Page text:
Adam Rudolph with Hamid Drake and Yusef Lateef: Moving Pictures at UMass Amherst
A pattern, moreover, had been established for what was to come. Seven more compositions were performed, including "Walking the Curve" from the recording Dream Garden (Justin Time, 2007). Rudolph's reliance on an exacting sense of tempo and pulse as the basis for all musical production blossomed in his masterful way of inviting one instrument after another into the elegant mixture of exuberance and color. The reeds and horns harmonized, synchronized and improvised. The instruments wove in and out of the music with elegance and polish.
Rudolph's acumen in choosing instruments based on the outcome of their interaction was ever evident, the best qualities of the selected individual instruments manifested in their juxtaposition: the flute floated above the oud and bass and guitar; the flute and flugelhorn rang together in stellar synchrony; the bass clarinet exchanged phrases with a high-pitched guitar; the thumb piano danced with the box drum. The trap set was always in the background washing the sonic surface with sibilance or accenting the turns in the ensemble's dynamic textures. The bass and the guitar worked together to create a two-note drone; the guitar often became a liquid voice with the chorus of instruments. In one piece, the shakuhachi breathed atmospheric elements as if the warm wind were blowing through the greenest of jungle foliage. The cornet often stood alone, breaking through any existing instrumental textures with the brightness of its vibratos and runs.
Apart from being highly organized compositions, what also made this music extraordinary was the attention Rudolph brought to every instrument. When each soloed, the focus of the music was pulled into a point so that the audience was pinned to the singularity of that expression of musical character. When the solos finished, the points then dissolved, and the remaining instruments progressively re-entered to join the community led by the same steady rhythmic support that had pushed any one of the featured instruments into the foreground in the first place. It was if perspective lines were being continually drawn to and from vanishing points and the space between the lines was replete with positive force.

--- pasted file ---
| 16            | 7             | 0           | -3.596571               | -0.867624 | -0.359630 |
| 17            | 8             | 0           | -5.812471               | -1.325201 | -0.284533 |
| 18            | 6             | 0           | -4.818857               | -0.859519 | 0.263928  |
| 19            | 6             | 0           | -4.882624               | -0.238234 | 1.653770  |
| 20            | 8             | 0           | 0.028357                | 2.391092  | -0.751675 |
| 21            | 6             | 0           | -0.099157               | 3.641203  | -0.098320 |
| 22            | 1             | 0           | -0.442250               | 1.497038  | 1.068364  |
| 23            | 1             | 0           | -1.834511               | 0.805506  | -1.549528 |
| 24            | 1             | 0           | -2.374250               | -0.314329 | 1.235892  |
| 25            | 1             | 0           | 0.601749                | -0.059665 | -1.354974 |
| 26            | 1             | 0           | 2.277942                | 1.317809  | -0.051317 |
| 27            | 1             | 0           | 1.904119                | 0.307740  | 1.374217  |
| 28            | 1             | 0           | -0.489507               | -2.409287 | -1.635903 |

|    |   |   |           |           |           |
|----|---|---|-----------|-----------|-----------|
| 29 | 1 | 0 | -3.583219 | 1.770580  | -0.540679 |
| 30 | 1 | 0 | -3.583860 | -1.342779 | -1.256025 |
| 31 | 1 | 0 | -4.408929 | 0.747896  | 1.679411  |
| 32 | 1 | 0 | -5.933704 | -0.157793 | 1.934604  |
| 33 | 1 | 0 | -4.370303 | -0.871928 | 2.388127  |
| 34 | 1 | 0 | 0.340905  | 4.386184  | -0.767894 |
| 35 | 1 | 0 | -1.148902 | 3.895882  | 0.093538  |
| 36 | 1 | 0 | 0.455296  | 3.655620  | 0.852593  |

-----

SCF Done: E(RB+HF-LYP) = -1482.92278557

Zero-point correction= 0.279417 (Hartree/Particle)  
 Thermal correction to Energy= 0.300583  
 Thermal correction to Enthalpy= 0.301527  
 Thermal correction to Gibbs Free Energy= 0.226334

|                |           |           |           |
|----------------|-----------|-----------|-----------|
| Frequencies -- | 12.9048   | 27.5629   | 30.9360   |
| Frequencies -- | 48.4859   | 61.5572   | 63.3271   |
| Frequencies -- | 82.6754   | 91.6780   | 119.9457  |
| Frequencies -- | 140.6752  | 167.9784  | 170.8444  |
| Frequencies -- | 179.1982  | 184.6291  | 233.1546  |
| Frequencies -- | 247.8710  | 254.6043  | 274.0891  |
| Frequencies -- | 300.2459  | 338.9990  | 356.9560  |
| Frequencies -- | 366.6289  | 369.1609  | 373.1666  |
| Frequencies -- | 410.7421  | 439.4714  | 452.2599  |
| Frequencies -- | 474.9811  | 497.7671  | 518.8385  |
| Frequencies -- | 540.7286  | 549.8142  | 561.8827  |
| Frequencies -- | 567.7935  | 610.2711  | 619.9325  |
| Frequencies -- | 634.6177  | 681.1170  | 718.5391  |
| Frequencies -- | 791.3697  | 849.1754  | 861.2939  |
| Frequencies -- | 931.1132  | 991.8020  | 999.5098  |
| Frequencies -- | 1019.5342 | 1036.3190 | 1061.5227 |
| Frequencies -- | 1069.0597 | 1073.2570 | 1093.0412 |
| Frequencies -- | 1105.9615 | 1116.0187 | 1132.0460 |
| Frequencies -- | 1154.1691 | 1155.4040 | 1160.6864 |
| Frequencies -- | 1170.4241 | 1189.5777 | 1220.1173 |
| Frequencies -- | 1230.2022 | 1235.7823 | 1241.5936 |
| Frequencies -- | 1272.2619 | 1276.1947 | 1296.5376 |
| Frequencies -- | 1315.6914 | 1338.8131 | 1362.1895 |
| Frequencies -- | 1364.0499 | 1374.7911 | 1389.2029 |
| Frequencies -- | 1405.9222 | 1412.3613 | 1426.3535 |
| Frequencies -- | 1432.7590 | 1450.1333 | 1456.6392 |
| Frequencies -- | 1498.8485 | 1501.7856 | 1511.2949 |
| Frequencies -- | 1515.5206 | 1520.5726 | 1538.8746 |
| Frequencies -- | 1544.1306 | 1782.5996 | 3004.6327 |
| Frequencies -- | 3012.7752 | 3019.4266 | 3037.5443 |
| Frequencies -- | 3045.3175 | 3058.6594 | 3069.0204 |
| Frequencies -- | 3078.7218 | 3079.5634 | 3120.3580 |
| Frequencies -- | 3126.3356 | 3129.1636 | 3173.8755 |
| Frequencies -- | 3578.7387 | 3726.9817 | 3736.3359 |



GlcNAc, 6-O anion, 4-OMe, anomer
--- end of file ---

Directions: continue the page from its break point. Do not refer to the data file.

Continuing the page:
Mid-concert, Rudolph jostled some strung-together seed pods, and the oud curled the percussive gist. Multi-instrumentalist and composer, the legendary Yusef Lateef (with whom Rudolph has recorded and performed many times and who also has been a valued professor at UMass) sat at center stage and played a short, stout, wooden flute. Then, he recited a poem which presented thoughts ranging from the aesthetic to the moral, dwelling on extraction from suffering and the purity of love. The piece closed as the tom, the congas, and Lateef's flute together portrayed the sound of a ticking clock. The music, the words and the moment brought us closer to our next moments in lifeprompting recognition, that we have only one life and that it is potentially good and full and filled with kindness.
If there is any reason at all to think of a world at peace and working within its planetary limits, Adam Rudolph's music is a sterling metaphor for cross-cultural balance and integrated existence. It may reflect a mere handful of cultures, but in their blending is something universal and inclusive; no one culture is opposing another, except in complementary waves of rhythmic and melodic counterpoint.
Personnel: Graham Haynes, cornet and flugelhorn; Steve Gorn, shakuhaatchi, flutes and reeds; Ned Rothenberg, flutes and reeds; Brahim Fribgane, oud and percussion; Kenny Wessel, guitar; Shanir Blumenkrantz, bass; Hamid Drake, percussion; Adam Rudolph, percussion.
Photo credit Lyn Horton